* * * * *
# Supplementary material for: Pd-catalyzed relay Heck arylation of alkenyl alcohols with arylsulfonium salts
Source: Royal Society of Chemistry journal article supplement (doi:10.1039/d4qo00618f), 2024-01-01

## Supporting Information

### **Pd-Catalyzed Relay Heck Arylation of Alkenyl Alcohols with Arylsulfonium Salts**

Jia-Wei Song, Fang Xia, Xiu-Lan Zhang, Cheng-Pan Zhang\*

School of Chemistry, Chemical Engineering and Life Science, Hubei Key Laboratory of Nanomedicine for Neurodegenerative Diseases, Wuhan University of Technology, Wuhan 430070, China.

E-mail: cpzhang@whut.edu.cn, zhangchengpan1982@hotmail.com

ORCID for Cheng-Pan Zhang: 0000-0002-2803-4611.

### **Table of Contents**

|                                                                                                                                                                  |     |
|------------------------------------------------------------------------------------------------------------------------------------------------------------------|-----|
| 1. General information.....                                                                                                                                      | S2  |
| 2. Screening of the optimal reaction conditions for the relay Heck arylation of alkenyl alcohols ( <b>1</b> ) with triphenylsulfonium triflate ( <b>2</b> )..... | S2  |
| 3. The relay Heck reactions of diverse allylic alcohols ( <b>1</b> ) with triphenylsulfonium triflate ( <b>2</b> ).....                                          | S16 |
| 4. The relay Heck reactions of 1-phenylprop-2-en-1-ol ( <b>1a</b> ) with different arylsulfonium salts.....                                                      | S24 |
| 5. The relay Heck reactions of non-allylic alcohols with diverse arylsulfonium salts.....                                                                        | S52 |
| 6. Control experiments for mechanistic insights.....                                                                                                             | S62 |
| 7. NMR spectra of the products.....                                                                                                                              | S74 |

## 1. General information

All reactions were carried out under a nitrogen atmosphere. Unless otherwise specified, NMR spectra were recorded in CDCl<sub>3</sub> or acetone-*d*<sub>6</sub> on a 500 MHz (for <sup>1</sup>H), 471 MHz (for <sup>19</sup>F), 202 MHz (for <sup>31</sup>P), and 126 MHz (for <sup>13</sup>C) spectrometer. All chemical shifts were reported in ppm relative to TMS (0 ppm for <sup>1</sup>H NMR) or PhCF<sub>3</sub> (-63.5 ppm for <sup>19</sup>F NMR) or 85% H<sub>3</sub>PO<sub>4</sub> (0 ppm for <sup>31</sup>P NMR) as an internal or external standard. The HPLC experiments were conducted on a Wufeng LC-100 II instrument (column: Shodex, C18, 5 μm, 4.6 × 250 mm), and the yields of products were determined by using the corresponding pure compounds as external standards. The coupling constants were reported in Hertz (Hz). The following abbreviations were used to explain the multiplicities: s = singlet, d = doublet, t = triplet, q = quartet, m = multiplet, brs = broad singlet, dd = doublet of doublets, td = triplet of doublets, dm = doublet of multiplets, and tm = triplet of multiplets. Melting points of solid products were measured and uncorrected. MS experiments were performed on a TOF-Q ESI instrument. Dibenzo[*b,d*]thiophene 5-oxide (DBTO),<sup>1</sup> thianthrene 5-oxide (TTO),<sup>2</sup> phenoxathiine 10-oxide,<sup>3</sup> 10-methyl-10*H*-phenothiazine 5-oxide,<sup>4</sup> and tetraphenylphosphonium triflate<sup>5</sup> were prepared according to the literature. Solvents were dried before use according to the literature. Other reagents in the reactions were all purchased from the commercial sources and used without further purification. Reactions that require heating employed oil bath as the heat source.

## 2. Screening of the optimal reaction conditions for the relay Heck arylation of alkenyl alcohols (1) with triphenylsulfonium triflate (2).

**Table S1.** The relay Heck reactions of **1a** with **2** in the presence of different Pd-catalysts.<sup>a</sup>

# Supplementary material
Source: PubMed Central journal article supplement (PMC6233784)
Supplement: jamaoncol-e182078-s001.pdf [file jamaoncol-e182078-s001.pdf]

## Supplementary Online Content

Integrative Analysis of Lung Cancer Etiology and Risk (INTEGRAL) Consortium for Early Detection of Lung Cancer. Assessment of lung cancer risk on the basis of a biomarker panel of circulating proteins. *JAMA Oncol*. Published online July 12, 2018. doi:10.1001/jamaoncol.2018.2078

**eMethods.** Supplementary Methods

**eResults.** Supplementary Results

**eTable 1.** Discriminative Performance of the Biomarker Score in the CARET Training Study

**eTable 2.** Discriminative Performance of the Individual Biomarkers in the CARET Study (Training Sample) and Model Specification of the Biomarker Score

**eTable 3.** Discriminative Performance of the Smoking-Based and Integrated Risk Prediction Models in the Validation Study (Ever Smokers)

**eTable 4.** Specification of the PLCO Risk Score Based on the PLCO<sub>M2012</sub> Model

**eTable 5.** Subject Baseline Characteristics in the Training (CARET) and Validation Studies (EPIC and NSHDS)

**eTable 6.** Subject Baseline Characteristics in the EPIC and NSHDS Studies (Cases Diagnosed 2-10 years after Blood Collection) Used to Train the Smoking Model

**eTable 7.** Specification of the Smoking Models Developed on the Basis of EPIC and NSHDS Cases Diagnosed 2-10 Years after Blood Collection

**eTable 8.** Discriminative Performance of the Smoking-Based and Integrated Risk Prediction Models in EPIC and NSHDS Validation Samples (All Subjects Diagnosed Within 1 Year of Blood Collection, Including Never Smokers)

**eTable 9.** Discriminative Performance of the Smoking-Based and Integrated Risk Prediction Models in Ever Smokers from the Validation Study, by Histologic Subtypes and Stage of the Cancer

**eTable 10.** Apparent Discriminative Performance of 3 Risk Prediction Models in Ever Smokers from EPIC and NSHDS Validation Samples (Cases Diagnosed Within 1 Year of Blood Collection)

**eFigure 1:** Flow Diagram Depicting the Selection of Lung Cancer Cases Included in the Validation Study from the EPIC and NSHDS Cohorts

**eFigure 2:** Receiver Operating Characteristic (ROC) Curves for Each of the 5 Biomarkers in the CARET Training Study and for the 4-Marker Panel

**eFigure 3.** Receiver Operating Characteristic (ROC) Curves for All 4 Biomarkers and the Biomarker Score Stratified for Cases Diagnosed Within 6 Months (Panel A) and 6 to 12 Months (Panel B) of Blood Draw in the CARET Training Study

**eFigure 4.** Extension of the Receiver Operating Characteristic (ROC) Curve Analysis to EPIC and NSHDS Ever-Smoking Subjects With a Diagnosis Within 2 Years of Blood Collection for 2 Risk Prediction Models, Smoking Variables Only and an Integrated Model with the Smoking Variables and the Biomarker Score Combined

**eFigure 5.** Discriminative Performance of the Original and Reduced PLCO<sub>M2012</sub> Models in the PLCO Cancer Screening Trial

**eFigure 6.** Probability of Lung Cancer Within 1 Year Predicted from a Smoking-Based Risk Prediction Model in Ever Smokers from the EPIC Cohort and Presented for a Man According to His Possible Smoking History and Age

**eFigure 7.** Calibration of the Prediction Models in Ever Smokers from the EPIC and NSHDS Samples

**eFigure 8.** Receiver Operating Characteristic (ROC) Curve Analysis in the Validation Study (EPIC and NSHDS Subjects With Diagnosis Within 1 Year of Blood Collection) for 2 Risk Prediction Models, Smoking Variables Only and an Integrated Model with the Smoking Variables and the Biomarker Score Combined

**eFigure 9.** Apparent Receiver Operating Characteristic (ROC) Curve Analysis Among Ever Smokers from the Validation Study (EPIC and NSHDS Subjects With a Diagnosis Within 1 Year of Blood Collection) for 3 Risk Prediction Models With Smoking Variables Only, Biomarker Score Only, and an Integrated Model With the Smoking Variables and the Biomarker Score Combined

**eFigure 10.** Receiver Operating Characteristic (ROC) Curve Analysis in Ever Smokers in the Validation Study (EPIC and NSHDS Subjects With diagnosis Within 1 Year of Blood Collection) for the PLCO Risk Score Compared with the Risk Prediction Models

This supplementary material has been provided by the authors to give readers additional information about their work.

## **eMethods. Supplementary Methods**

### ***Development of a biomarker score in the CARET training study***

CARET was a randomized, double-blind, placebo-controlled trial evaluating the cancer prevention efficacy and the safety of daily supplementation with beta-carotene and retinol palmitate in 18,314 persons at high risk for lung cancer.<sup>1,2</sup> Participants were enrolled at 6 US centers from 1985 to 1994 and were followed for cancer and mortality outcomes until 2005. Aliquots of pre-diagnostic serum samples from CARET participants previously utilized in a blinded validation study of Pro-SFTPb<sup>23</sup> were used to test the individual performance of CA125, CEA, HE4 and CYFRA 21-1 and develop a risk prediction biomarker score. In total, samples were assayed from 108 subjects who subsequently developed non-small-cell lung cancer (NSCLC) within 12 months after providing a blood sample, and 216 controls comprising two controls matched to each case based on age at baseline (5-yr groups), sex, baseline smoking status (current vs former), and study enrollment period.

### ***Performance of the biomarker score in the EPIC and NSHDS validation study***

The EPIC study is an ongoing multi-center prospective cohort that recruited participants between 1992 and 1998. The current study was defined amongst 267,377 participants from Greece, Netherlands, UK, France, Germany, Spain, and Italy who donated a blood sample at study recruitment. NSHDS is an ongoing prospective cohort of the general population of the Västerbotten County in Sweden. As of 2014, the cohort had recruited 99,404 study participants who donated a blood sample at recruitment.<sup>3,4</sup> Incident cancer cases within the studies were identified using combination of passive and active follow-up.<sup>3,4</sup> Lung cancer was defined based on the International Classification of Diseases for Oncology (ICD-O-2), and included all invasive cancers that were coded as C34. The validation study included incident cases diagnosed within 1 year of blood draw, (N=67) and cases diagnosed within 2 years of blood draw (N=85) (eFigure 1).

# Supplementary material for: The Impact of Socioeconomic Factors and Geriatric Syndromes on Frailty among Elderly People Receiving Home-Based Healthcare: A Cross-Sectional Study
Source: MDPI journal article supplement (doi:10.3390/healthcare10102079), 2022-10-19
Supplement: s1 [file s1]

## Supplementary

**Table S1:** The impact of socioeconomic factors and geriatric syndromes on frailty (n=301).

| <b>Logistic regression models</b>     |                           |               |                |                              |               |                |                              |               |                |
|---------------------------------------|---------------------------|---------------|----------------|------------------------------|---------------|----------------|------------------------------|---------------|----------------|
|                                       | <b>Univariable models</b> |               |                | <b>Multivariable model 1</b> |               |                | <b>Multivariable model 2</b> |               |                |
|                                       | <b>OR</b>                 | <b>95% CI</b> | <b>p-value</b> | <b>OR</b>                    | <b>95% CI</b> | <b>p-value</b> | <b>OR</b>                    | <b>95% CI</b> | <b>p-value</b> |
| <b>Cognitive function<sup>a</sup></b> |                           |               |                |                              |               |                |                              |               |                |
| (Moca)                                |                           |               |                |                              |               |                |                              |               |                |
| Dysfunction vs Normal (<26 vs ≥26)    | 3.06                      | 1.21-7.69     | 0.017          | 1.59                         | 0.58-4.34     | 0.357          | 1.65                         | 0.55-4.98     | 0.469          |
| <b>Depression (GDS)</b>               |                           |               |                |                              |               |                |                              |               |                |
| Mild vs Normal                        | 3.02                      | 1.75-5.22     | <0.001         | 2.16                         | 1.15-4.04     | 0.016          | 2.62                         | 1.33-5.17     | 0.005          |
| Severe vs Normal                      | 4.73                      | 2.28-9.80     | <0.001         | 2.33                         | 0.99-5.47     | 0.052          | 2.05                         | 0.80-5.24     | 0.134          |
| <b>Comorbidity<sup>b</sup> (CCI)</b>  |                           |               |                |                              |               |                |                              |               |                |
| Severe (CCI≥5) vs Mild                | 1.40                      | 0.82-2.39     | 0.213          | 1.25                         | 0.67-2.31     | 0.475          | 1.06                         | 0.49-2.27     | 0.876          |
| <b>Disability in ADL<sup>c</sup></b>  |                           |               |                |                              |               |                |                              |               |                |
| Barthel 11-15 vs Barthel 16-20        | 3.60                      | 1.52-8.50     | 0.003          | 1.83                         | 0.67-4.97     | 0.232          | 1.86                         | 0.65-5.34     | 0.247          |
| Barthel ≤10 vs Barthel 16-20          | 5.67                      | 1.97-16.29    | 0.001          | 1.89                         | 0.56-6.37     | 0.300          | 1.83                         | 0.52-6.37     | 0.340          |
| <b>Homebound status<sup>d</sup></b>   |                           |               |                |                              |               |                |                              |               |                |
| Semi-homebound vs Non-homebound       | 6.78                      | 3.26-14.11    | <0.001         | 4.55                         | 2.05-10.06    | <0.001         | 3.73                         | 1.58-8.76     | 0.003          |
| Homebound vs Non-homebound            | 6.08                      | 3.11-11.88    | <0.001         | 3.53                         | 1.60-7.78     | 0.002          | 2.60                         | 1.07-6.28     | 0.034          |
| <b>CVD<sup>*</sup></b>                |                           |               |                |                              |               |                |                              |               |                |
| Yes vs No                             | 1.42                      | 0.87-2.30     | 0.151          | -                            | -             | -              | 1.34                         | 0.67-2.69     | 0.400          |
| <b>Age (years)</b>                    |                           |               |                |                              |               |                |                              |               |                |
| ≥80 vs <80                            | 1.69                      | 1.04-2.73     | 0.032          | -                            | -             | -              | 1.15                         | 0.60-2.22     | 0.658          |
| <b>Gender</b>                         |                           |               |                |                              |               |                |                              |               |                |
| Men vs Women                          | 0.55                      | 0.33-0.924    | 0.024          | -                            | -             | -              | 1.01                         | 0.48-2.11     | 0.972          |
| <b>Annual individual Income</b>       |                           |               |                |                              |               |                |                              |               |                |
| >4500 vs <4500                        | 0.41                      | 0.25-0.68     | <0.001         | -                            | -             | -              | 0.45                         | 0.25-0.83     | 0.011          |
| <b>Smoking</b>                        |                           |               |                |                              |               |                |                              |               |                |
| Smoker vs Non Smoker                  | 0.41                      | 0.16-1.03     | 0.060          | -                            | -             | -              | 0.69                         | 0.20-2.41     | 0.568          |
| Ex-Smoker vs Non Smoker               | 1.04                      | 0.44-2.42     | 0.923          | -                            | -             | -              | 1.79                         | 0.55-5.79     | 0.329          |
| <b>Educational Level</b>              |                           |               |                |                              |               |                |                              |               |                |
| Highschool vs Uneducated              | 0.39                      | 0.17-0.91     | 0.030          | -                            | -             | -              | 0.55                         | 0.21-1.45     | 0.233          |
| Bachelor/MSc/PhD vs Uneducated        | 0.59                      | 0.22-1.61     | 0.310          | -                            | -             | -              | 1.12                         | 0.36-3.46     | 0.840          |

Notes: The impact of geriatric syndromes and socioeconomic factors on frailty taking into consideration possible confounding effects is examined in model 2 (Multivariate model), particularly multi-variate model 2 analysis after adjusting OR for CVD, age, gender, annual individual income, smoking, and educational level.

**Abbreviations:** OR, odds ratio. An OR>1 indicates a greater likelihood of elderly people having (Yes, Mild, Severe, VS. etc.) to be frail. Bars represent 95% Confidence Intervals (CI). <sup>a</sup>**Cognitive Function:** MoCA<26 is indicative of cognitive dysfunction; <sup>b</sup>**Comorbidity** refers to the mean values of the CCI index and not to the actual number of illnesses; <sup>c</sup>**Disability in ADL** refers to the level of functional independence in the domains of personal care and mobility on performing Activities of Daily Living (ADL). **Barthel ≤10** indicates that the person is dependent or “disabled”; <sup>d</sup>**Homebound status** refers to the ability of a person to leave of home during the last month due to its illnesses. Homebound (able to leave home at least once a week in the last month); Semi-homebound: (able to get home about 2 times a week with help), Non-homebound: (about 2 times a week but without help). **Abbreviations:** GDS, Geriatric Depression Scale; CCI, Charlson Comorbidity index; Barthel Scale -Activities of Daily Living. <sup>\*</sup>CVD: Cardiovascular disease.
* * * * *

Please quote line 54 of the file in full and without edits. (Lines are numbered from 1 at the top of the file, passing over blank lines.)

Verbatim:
### ***Performance of the biomarker score in the EPIC and NSHDS validation study***